potential losses of key employees and customers of the acquired businesses;

 

   

risks of entering markets in which we have limited prior experience; and

 

   

increases in our expenses and working capital requirements.

The process of integrating an acquired business may involve unforeseen costs and delays or other operational, technical and financial difficulties that may require a disproportionate amount of management attention and financial and other resources. Possible future acquisitions may be for purchase prices significantly higher than those we paid for previous acquisitions. Our failure to achieve consolidation savings, to incorporate the acquired businesses and assets into our existing operations successfully or to minimize any unforeseen operational difficulties could have a material adverse effect on our financial condition and results of operations.

In addition, we may not have sufficient capital resources to complete additional acquisitions. Historically, we have funded the growth of our rig fleet through a combination of debt and equity financing. We may incur substantial additional indebtedness to finance future acquisitions and also may issue equity securities or convertible securities in connection with such acquisitions. Debt service requirements could represent a

 

23


Table of Contents

significant burden on our results of operations and financial condition and the issuance of additional equity or convertible securities could be dilutive to our existing shareholders. Furthermore, we may not be able to obtain additional financing on satisfactory terms.

Even if we have access to the necessary capital, we may be unable to continue to identify additional suitable acquisition opportunities, negotiate acceptable terms or successfully acquire identified targets.

Our indebtedness could restrict our operations and make us more vulnerable to adverse economic conditions.

In connection with the acquisition of the production services businesses of WEDGE and Competition in March 2008, we entered into a senior secured revolving credit facility (the “Revolving Credit Facility”) which was later amended in October 2009 and February 2010. In March 2010, we issued $250 million of Senior Notes with a coupon interest rate of 9.875% that are due in 2018 (the “Senior Notes”). We received $234.8 million of net proceeds from the issuance of the Senior Notes after deductions were made for the $10.6 million of original issue discount and $4.6 million for underwriters’ fees and other debt offering costs. The net proceeds were used to repay a portion of the borrowings outstanding under our Revolving Credit Facility. As of December 31, 2010, our total debt was $280.9 million.

Our current and future indebtedness could have important consequences, including:

 

   

impairing our ability to make investments and obtain additional financing for working capital, capital expenditures, acquisitions or other general corporate purposes;

 

   

limiting our ability to use operating cash flow in other areas of our business because we must dedicate a substantial portion of these funds to make principal and interest payments on our indebtedness;

 

   

making us more vulnerable to a downturn in our business, our industry or the economy in general as a substantial portion of our operating cash flow could be required to make principal and interest payments on our indebtedness, making it more difficult to react to changes in our business and in industry and market conditions;

 

   

limiting our flexibility in planning for, or reacting to, changes in our business and the industry in which we operate;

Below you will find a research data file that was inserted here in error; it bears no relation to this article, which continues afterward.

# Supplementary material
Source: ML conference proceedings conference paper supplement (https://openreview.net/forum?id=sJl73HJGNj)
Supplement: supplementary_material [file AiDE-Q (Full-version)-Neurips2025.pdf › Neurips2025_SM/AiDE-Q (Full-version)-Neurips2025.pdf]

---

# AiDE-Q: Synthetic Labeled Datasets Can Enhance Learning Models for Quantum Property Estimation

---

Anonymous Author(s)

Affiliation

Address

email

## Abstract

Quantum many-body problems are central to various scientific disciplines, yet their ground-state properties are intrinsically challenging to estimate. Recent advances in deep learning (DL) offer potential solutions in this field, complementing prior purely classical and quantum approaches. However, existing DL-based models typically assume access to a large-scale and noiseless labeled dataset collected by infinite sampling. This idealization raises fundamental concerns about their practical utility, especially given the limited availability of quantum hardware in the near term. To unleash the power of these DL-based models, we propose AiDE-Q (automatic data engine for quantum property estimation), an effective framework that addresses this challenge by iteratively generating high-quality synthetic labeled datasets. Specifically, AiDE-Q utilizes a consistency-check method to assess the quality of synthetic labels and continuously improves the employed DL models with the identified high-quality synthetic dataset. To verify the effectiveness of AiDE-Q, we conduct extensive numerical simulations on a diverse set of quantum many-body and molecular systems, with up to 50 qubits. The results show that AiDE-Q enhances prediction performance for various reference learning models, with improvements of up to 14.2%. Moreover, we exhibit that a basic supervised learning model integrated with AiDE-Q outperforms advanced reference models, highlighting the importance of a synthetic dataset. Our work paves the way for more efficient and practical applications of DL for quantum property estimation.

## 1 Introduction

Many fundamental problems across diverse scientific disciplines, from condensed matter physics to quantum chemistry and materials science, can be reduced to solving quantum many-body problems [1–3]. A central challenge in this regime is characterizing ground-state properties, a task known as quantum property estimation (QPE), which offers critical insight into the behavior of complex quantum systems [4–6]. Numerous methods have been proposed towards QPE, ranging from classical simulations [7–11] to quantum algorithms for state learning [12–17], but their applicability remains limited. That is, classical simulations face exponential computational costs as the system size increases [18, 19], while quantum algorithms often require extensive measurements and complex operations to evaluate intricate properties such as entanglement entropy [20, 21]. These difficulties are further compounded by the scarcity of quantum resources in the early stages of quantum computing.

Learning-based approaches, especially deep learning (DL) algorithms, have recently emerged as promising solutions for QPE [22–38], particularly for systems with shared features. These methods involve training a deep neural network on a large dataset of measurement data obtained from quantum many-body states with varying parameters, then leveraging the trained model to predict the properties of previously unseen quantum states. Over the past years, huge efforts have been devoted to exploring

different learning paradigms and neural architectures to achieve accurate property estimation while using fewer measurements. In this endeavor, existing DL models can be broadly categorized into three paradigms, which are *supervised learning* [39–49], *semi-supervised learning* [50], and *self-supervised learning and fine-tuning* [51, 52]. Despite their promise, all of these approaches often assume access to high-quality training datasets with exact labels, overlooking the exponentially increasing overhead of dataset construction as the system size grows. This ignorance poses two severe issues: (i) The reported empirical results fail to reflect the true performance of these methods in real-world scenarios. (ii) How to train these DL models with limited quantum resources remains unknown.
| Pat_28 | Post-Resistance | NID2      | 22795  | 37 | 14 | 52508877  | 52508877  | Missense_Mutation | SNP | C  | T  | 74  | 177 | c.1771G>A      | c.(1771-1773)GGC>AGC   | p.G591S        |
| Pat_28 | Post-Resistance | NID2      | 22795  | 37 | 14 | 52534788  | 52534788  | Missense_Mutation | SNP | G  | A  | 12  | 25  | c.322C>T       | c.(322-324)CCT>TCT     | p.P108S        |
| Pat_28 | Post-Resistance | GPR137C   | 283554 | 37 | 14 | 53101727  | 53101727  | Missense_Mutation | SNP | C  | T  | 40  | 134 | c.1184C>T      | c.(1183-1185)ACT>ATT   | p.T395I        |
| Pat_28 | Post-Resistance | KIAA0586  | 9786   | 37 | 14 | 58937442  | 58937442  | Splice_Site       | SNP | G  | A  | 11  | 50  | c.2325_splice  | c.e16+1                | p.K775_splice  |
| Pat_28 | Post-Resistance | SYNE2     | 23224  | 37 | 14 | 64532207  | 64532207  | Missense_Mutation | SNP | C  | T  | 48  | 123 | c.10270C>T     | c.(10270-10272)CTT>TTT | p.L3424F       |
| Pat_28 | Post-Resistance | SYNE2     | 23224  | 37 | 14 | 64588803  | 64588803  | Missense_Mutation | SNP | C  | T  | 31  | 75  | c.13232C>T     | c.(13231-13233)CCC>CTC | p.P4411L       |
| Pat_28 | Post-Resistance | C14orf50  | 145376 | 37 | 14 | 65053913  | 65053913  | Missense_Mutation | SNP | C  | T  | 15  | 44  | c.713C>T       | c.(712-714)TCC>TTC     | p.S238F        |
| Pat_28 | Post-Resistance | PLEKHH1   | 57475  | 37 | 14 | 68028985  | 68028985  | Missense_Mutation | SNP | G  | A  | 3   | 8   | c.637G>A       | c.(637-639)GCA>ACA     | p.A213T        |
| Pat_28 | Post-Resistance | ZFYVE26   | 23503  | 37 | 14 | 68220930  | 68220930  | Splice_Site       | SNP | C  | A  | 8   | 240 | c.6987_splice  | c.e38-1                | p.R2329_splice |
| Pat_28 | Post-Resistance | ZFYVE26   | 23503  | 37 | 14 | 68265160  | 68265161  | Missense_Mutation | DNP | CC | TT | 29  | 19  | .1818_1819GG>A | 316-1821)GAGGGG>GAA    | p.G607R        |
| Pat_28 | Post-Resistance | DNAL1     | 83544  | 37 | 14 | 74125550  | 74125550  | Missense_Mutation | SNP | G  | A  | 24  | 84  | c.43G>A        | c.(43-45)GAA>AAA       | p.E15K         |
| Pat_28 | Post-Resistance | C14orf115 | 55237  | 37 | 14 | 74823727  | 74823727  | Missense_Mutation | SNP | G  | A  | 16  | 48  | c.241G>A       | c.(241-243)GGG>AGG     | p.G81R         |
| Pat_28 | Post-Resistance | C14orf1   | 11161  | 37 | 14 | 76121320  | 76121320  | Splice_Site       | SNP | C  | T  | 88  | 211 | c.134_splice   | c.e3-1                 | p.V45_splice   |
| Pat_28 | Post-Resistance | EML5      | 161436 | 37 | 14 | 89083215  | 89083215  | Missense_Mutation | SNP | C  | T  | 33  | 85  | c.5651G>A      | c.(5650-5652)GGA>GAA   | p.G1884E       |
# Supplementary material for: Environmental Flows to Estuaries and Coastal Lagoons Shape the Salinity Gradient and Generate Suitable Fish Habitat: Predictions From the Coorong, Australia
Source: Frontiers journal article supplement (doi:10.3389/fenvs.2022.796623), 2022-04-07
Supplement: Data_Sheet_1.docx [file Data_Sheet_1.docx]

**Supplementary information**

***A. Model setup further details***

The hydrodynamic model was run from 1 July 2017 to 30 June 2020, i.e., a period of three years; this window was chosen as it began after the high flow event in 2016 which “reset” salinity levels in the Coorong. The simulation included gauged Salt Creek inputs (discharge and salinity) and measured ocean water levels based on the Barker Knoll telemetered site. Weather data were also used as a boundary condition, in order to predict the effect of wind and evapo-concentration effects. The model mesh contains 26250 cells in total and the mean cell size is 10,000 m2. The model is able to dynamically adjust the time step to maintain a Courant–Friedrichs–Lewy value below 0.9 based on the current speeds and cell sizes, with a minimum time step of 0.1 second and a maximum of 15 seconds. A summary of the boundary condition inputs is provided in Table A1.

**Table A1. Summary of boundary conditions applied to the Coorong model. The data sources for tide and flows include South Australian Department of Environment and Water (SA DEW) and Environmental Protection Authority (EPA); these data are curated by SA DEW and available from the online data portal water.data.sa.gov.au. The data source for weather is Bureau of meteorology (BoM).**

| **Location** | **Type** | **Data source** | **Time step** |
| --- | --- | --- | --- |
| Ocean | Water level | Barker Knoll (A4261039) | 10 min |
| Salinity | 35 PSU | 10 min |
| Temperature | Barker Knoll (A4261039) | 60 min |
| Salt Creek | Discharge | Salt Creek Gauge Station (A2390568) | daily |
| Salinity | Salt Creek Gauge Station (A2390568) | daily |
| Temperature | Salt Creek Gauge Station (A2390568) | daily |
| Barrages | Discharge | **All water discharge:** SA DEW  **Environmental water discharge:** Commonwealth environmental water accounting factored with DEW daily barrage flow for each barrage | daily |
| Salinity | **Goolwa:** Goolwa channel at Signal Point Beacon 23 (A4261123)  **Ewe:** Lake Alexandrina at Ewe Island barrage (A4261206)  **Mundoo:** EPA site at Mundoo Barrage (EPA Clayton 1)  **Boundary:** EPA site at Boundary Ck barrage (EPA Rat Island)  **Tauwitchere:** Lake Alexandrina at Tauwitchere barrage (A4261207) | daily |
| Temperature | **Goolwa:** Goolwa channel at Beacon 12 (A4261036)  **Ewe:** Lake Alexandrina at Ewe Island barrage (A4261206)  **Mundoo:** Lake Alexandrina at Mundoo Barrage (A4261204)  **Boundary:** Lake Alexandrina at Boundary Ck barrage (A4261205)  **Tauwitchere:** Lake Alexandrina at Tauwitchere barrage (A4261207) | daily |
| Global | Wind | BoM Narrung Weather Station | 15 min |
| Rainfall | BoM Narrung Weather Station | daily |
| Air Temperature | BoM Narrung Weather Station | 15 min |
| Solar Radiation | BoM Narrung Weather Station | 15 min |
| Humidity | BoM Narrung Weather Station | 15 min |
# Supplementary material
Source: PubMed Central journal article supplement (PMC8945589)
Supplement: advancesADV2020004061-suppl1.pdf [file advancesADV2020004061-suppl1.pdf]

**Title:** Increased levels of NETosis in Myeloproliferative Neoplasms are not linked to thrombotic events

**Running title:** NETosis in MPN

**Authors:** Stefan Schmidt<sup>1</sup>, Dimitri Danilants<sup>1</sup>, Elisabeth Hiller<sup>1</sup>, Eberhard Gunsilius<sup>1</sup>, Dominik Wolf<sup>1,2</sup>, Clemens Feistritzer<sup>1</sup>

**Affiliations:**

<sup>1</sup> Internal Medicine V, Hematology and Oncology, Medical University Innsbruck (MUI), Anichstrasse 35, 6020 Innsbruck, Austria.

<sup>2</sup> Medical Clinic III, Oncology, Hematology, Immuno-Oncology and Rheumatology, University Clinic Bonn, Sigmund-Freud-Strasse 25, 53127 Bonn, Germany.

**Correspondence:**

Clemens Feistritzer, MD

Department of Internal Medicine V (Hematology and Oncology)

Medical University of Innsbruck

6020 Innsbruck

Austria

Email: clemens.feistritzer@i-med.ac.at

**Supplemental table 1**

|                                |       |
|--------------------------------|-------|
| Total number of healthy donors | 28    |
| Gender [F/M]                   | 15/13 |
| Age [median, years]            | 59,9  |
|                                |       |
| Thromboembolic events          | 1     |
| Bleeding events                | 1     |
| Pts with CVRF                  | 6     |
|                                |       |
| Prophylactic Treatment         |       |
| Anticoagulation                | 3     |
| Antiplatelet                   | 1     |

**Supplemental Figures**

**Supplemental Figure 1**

limiting our ability to obtain additional financing that may be necessary to operate or expand our business;

 

   

putting us at a competitive disadvantage to competitors that have less debt; and

 

   

increasing our vulnerability to rising interest rates.

We anticipate that our cash generated by operations and our ability to borrow under the currently unused portion of our Revolving Credit Facility should allow us to meet our routine financial obligations for the foreseeable future. However, our ability to make payments on our indebtedness, and to fund planned capital expenditures, will depend on our ability to generate cash in the future. This, to a certain extent, is subject to conditions in the oil and gas industry, general economic and financial conditions, competition in the markets where we operate, the impact of legislative and regulatory actions on how we conduct our business and other factors, all of which are beyond our control. If our business does not generate sufficient cash flow from operations to service our outstanding indebtedness, we may have to undertake alternative financing plans, such as:

 

   

refinancing or restructuring our debt;

 

   

selling assets;

 

   

reducing or delaying acquisitions or capital investments, such as refurbishments of our rigs and related equipment; or

 

   

seeking to raise additional capital.

 

24


Table of Contents

However, we may be unable to implement alternative financing plans, if necessary, on commercially reasonable terms or at all, and any such alternative financing plans might be insufficient to allow us to meet our debt obligations. If we are unable to generate sufficient cash flow or are otherwise unable to obtain the funds required to make principal and interest payments on our indebtedness, or if we otherwise fail to comply with the various covenants in our Revolving Credit Facility or other instruments governing any future indebtedness, we could be in default under the terms of our Revolving Credit Facility or such instruments. In the event of a default, the lenders under our Revolving Credit Facility could elect to declare all the loans made under such facility to be due and payable together with accrued and unpaid interest and terminate their commitments thereunder and we or one or more of our subsidiaries could be forced into bankruptcy or liquidation. Any of the foregoing consequences could materially and adversely affect our business, financial condition, results of operations and prospects.